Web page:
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Multiple Choice Quiz

  1. Which of the following best describes the attitude most news organizations have about credibility?
      a. People depend on news media for their information, and media must be credible to succeed as businesses.
      b. People get information from multiple sources other than the news media, so no one will be hurt if news organizations make mistakes now and then.
      c. Almost no one believes the news media, so a lack of credibility does not put an organization at a competitive disadvantage.
      d. Credibility helps a news organization win awards, but sensationalism attracts readers, viewers and advertisers which make for commercial success.
  2. In weighing the value of publishing a story, journalists should consider harms and benefits and publish the story if it
      a. harms more people than it benefits.
      b. would attract an audience no matter how many benefit.
      c. would attract an audience no matter how many are harmed.
      d. benefits more people than it harms.
  3. Journalists wrestling with ethical decisions should identify the macro and micro issues raised by a story. Which best describes what is meant by “macro” and “micro” issues?
      a. Macro issues are such things as wording, placement, and use of visuals, and micro issues are the main reasons for publishing the story.
      b. Macro issues are the things that might lead to libel suits, and micro issues are the things that might lead to embarrassing corrections.
      c. Macro issues are the main reasons for publishing the story, and micro issues are such things as wording, placement and use of visuals.
      d. Macro issues involve the things that appear in big type and pictures, and micro issues involve those things that appear in small type without pictures.
  4. “Plagiarism” is defined as
      a. making up quotations or sources for a news story.
      b. taking someone else’s words or ideas and passing them off as one’s own.
      c. pretending to be someone other than a reporter to get an interview.
      d. accepting gifts or bribes from sources.
  5. Journalists looking for sources should try to use
      a. a variety of sources representing different opinions.
      b. close friends and relatives.
      c. officials who will expect some favor in return.
      d. officials with whom the journalist has a close personal relation.
  6. The practice of electronically recording an interview with a source without the source’s knowledge is
      a. devious and unfair.
      b. sneaky but expected of reporters.
      c. easier than asking permission.
      d. essential for accurate reporting.
  7. The two main components of objectivity are
      a. absence of emotion and adherence to routine.
      b. absence of bias and adherence to routine.
      c. absence of bias and accuracy.
      d. absence of emotion and accuracy.
  8. Which of the following is NOT among the problems with interviewing victims of crimes or disasters immediately after the incident?
      a. They may be in shock and inadvertently twist the facts.
      b. They may want to please reporters and answer questions even if they are not certain about the answers.
      c. They are likely to have clear recollections and be eager to talk to reporters.
      d. They may recant their story later and accuse the reporter of having made it up.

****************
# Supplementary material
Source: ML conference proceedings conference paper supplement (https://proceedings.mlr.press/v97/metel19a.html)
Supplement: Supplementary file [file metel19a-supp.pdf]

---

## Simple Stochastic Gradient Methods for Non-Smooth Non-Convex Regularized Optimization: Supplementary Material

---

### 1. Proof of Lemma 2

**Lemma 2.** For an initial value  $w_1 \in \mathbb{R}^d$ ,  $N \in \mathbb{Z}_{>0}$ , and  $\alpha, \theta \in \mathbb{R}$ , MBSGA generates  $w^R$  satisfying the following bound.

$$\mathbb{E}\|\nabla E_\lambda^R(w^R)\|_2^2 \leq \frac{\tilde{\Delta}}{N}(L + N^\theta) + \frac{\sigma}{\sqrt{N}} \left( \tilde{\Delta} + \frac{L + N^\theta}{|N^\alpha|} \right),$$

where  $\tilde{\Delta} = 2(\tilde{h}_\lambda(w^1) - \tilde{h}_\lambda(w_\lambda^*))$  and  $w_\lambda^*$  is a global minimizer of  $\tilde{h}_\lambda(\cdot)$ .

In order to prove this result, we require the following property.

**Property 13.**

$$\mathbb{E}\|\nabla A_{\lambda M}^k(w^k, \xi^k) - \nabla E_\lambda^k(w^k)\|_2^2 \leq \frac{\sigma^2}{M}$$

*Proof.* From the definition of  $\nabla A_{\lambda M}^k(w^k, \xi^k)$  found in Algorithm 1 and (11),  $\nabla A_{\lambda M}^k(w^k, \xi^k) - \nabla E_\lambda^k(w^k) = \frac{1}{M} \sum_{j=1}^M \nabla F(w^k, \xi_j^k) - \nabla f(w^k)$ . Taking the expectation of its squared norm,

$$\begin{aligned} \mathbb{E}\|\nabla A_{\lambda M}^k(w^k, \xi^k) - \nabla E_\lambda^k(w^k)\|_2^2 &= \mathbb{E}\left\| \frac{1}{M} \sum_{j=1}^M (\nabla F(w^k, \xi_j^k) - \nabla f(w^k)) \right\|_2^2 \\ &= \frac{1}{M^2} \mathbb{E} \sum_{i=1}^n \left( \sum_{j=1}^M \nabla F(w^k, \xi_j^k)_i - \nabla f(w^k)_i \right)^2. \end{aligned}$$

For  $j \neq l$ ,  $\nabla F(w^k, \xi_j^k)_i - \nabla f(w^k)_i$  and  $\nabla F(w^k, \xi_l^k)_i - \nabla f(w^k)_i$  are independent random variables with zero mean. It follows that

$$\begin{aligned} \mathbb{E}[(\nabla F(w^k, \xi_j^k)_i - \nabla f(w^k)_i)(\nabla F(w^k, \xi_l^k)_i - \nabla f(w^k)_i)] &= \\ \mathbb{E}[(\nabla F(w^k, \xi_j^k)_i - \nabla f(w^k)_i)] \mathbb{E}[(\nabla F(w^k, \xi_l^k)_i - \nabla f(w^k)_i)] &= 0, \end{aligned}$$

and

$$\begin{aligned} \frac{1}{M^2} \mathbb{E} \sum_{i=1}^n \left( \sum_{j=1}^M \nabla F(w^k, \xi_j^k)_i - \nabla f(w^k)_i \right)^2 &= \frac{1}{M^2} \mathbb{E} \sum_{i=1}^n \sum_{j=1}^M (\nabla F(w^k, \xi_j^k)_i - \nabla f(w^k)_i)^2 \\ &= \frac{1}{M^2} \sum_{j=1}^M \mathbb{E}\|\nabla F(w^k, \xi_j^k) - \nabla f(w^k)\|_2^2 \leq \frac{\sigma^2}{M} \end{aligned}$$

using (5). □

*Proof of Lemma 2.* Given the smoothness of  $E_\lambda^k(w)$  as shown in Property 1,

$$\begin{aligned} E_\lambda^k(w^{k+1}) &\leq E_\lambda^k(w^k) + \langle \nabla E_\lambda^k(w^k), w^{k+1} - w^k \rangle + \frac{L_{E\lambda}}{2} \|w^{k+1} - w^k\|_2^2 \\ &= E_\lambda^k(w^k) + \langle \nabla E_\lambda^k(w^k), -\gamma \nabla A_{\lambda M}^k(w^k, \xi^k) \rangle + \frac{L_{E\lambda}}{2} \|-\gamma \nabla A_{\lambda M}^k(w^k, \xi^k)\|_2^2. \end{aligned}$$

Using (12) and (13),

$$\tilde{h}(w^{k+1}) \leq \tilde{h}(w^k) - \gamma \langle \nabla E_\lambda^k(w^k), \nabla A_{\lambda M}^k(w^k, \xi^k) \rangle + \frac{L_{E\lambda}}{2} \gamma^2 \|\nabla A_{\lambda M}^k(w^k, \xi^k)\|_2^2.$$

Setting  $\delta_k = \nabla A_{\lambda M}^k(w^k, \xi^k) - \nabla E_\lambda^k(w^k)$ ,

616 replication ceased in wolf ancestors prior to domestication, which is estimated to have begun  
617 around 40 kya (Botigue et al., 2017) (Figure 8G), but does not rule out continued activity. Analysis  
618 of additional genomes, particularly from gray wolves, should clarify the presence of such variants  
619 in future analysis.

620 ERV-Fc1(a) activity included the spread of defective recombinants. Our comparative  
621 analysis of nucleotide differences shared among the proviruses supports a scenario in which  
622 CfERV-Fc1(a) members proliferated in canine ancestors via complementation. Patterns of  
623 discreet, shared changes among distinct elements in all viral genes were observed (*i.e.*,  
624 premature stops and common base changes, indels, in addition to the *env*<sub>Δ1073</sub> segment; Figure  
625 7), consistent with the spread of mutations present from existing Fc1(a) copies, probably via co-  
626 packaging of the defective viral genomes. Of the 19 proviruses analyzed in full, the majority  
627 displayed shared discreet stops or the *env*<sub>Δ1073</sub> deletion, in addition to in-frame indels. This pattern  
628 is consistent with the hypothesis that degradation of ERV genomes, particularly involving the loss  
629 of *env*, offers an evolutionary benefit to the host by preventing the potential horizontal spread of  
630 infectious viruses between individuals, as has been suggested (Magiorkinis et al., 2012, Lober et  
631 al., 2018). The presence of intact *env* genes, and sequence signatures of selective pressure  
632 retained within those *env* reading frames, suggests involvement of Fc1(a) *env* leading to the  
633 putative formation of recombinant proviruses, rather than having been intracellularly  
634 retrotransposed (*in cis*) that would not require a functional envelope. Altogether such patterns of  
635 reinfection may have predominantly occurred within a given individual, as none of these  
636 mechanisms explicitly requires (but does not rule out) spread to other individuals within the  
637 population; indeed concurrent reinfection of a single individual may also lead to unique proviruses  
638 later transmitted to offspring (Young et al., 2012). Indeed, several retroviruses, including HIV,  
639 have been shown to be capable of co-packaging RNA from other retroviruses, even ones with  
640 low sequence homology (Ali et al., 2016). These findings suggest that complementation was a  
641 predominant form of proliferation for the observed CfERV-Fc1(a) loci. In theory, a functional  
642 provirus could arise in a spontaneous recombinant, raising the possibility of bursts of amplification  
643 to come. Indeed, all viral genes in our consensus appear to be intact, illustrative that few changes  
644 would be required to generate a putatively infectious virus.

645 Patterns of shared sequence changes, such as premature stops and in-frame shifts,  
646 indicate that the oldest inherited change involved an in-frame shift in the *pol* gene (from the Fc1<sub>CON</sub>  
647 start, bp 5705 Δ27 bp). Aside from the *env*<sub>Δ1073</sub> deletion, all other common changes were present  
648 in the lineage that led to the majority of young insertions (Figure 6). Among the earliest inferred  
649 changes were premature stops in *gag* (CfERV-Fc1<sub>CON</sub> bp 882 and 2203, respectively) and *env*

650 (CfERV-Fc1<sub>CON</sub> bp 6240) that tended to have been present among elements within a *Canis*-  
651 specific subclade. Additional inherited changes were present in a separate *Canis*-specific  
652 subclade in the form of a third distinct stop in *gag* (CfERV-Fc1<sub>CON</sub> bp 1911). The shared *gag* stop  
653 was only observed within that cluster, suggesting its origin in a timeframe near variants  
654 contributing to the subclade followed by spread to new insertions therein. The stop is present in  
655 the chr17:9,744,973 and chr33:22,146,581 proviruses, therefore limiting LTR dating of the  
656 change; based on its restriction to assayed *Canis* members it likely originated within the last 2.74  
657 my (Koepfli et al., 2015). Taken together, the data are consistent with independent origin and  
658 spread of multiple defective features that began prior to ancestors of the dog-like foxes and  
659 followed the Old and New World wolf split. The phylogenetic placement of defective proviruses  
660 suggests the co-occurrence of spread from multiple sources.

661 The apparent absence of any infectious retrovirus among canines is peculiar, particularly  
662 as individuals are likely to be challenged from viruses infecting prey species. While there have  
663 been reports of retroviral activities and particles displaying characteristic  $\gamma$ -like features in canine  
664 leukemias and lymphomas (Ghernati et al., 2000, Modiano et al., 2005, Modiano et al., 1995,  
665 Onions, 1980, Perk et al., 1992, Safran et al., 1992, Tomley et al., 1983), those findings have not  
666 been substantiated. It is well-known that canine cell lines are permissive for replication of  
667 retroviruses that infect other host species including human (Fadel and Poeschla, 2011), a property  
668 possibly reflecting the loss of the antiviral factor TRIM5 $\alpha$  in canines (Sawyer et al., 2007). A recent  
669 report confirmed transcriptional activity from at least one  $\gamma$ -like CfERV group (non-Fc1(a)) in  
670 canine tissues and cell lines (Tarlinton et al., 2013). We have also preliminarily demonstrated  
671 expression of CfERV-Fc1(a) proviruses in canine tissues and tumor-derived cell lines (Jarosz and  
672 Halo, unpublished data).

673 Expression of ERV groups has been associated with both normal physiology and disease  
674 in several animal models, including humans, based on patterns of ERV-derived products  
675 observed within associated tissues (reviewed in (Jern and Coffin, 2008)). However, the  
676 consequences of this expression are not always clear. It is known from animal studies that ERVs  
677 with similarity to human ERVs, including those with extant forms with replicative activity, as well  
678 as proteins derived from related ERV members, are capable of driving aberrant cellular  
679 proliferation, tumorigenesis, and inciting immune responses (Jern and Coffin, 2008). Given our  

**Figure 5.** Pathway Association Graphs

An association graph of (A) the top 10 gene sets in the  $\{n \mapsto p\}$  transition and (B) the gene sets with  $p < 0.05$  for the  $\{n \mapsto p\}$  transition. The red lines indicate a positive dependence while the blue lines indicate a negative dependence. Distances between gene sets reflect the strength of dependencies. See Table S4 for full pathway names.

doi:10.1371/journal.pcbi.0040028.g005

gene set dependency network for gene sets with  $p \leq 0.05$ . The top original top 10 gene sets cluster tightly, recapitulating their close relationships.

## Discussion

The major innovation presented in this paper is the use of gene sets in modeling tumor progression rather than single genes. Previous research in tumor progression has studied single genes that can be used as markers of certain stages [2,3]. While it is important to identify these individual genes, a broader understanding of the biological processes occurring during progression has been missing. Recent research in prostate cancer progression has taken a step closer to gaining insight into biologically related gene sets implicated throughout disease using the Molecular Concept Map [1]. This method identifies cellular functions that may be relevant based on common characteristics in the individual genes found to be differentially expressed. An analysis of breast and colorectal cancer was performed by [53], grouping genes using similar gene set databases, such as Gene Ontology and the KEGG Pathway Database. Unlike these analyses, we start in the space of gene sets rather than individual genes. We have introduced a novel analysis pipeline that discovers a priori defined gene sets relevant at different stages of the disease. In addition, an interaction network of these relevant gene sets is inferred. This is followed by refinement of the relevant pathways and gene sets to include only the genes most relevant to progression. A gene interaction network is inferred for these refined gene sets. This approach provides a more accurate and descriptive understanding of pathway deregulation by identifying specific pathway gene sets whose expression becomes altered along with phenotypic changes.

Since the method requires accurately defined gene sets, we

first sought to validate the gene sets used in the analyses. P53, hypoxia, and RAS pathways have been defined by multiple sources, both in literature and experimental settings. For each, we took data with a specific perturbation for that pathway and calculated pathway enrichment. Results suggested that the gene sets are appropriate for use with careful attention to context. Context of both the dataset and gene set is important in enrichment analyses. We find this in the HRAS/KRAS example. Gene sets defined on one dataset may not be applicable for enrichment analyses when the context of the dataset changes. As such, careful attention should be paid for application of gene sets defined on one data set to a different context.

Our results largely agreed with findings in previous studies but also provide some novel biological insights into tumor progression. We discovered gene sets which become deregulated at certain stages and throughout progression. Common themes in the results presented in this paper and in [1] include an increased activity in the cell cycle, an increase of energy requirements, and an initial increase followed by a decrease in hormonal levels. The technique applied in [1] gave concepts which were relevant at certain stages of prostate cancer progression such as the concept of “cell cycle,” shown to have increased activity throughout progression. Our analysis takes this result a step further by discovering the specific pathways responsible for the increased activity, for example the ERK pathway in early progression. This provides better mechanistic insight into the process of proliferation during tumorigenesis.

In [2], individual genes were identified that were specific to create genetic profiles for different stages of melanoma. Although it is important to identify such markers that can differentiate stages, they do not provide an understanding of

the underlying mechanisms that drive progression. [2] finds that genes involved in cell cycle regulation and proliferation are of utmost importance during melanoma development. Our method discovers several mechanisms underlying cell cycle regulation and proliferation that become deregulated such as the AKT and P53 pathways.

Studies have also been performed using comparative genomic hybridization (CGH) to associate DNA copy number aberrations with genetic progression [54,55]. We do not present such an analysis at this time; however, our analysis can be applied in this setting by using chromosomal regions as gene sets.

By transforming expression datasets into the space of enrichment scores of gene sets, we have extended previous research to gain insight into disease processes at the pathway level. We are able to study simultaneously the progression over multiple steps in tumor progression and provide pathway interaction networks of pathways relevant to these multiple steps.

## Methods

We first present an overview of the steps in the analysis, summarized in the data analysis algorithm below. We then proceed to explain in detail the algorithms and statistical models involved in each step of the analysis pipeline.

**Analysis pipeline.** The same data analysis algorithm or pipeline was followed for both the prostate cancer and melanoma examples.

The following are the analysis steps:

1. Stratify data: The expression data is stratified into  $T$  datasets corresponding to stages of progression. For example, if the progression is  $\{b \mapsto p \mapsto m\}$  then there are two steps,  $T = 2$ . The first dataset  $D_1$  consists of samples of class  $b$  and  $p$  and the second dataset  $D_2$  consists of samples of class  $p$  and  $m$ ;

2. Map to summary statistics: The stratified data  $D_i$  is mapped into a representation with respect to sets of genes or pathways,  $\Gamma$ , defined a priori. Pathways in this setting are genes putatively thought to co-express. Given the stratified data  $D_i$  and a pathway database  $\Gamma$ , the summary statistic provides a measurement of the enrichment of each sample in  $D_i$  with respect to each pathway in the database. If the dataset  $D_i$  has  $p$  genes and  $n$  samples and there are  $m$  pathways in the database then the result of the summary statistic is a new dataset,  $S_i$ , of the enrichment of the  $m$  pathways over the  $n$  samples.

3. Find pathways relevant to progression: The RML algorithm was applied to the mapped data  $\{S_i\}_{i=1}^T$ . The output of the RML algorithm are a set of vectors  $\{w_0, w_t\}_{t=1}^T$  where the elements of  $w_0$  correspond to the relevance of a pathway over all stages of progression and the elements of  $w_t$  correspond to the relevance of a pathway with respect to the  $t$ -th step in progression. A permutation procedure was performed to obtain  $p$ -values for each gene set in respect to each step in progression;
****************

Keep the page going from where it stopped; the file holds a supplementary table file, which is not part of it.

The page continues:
9. Journalists sometimes create misleading impressions about victims of crime or accidents because
      a. they want to portray the victims in the best possible light.
      b. they want to portray the victims in the worst possible light.
      c. they rely too heavily on the victim’s version of events.
      d. they speculate in the absence of knowledge of the facts.
  10. In deciding whether to broadcast or publish graphic images of violence or disasters, producers and editors must weigh
      a. unnecessarily offending viewers and readers against the need to increase viewership or readership.
      b. unnecessarily offending viewers and readers against the need to inform them of harsh realities.
      c. the need to inform viewers and readers of harsh realities against the possibility of offending high government officials.
      d. the need to inform viewers and readers of harsh realities against the popular desire to read and watch pleasing news stories.
  11. In covering rape cases, the almost universal practice of news organizations is to
      a. withhold the name of the victim and the suspect.
      b. publish the name of the victim and the suspect.
      c. publish the name of the victim, but withhold the name of the suspect.
      d. withhold the name of the victim, but publish the name of the suspect.
  12. If a news reporter hears a rumor that a public official has engaged in an illicit sexual relationship, the reporter should
      a. publish a story immediately before any other news organization can.
      b. publish a story only after the rumor has been confirmed and if it has some news value.
      c. publish a story if the source of the rumor seems reputable.
      d. never publish a story about a rumor even if it is newsworthy and can be readily verified.
  13. Generally, news organizations do not publish the names of juveniles who have been arrested for crimes unless
      a. the juvenile is being tried as an adult.
      b. the victim of the crime is socially prominent.
      c. the juvenile suspect is socially prominent.
      d. the crime involved the theft or destruction of property valued at $1,000 or more.
  14. Photojournalists see the use of computer software to alter images as comparable to
      a. cropping photos or increasing the contrast in the image.
      b. the artistic license novelists take with facts.
      c. a reporter’s making up facts for a news story.
      d. a mild form of exaggeration.
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